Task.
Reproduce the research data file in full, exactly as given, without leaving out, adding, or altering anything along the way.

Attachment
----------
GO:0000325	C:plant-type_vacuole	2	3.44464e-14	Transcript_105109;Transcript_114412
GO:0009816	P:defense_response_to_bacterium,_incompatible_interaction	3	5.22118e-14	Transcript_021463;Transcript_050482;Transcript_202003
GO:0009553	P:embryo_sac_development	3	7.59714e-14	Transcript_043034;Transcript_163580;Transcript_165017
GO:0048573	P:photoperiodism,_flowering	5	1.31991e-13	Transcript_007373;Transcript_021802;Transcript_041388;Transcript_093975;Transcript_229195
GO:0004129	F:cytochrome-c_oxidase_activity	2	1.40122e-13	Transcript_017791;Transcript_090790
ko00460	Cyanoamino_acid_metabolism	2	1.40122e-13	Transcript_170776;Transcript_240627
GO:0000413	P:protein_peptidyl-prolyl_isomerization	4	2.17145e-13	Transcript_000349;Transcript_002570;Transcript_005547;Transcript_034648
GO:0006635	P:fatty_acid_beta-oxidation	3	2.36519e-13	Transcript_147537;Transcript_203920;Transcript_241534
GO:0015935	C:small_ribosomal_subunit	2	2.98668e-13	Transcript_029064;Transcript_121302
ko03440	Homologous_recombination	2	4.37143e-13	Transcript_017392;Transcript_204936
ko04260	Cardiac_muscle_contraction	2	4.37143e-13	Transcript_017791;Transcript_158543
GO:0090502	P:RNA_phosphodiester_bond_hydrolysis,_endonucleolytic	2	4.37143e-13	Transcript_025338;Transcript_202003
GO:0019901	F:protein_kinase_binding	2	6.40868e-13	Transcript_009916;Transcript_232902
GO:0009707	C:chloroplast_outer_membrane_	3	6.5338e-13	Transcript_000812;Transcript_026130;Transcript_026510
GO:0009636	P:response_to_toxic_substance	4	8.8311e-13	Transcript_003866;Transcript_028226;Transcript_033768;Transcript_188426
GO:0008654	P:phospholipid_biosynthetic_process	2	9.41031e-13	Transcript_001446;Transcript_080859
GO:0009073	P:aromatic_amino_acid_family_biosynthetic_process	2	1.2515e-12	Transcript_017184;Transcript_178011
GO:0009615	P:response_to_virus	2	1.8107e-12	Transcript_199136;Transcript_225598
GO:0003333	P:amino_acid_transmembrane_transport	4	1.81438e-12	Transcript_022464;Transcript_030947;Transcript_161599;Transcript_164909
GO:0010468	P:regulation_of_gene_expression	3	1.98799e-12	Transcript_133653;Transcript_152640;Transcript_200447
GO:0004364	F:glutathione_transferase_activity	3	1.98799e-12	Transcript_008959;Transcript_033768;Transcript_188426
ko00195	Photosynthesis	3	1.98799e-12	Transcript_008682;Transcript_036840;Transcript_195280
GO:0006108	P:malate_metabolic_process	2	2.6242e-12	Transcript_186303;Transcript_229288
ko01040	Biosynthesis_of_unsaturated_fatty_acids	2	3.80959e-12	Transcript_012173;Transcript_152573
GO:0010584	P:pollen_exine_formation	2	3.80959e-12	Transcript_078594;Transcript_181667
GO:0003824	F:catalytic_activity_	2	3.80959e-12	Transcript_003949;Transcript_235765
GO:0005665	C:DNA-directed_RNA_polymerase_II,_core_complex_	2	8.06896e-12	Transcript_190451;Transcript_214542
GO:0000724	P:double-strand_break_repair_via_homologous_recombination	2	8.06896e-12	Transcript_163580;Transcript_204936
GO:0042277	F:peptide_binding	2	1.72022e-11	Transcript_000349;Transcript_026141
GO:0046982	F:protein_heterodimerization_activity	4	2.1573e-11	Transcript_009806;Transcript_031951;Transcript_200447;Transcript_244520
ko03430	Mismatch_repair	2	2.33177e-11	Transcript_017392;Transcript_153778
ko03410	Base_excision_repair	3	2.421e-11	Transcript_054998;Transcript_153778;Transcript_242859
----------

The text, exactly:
GO:0000325	C:plant-type_vacuole	2	3.44464e-14	Transcript_105109;Transcript_114412
GO:0009816	P:defense_response_to_bacterium,_incompatible_interaction	3	5.22118e-14	Transcript_021463;Transcript_050482;Transcript_202003
GO:0009553	P:embryo_sac_development	3	7.59714e-14	Transcript_043034;Transcript_163580;Transcript_165017
GO:0048573	P:photoperiodism,_flowering	5	1.31991e-13	Transcript_007373;Transcript_021802;Transcript_041388;Transcript_093975;Transcript_229195
GO:0004129	F:cytochrome-c_oxidase_activity	2	1.40122e-13	Transcript_017791;Transcript_090790
ko00460	Cyanoamino_acid_metabolism	2	1.40122e-13	Transcript_170776;Transcript_240627
GO:0000413	P:protein_peptidyl-prolyl_isomerization	4	2.17145e-13	Transcript_000349;Transcript_002570;Transcript_005547;Transcript_034648
GO:0006635	P:fatty_acid_beta-oxidation	3	2.36519e-13	Transcript_147537;Transcript_203920;Transcript_241534
GO:0015935	C:small_ribosomal_subunit	2	2.98668e-13	Transcript_029064;Transcript_121302
ko03440	Homologous_recombination	2	4.37143e-13	Transcript_017392;Transcript_204936
ko04260	Cardiac_muscle_contraction	2	4.37143e-13	Transcript_017791;Transcript_158543
GO:0090502	P:RNA_phosphodiester_bond_hydrolysis,_endonucleolytic	2	4.37143e-13	Transcript_025338;Transcript_202003
GO:0019901	F:protein_kinase_binding	2	6.40868e-13	Transcript_009916;Transcript_232902
GO:0009707	C:chloroplast_outer_membrane_	3	6.5338e-13	Transcript_000812;Transcript_026130;Transcript_026510
GO:0009636	P:response_to_toxic_substance	4	8.8311e-13	Transcript_003866;Transcript_028226;Transcript_033768;Transcript_188426
GO:0008654	P:phospholipid_biosynthetic_process	2	9.41031e-13	Transcript_001446;Transcript_080859
GO:0009073	P:aromatic_amino_acid_family_biosynthetic_process	2	1.2515e-12	Transcript_017184;Transcript_178011
GO:0009615	P:response_to_virus	2	1.8107e-12	Transcript_199136;Transcript_225598
GO:0003333	P:amino_acid_transmembrane_transport	4	1.81438e-12	Transcript_022464;Transcript_030947;Transcript_161599;Transcript_164909
GO:0010468	P:regulation_of_gene_expression	3	1.98799e-12	Transcript_133653;Transcript_152640;Transcript_200447
GO:0004364	F:glutathione_transferase_activity	3	1.98799e-12	Transcript_008959;Transcript_033768;Transcript_188426
ko00195	Photosynthesis	3	1.98799e-12	Transcript_008682;Transcript_036840;Transcript_195280
GO:0006108	P:malate_metabolic_process	2	2.6242e-12	Transcript_186303;Transcript_229288
ko01040	Biosynthesis_of_unsaturated_fatty_acids	2	3.80959e-12	Transcript_012173;Transcript_152573
GO:0010584	P:pollen_exine_formation	2	3.80959e-12	Transcript_078594;Transcript_181667
GO:0003824	F:catalytic_activity_	2	3.80959e-12	Transcript_003949;Transcript_235765
GO:0005665	C:DNA-directed_RNA_polymerase_II,_core_complex_	2	8.06896e-12	Transcript_190451;Transcript_214542
GO:0000724	P:double-strand_break_repair_via_homologous_recombination	2	8.06896e-12	Transcript_163580;Transcript_204936
GO:0042277	F:peptide_binding	2	1.72022e-11	Transcript_000349;Transcript_026141
GO:0046982	F:protein_heterodimerization_activity	4	2.1573e-11	Transcript_009806;Transcript_031951;Transcript_200447;Transcript_244520
ko03430	Mismatch_repair	2	2.33177e-11	Transcript_017392;Transcript_153778
ko03410	Base_excision_repair	3	2.421e-11	Transcript_054998;Transcript_153778;Transcript_242859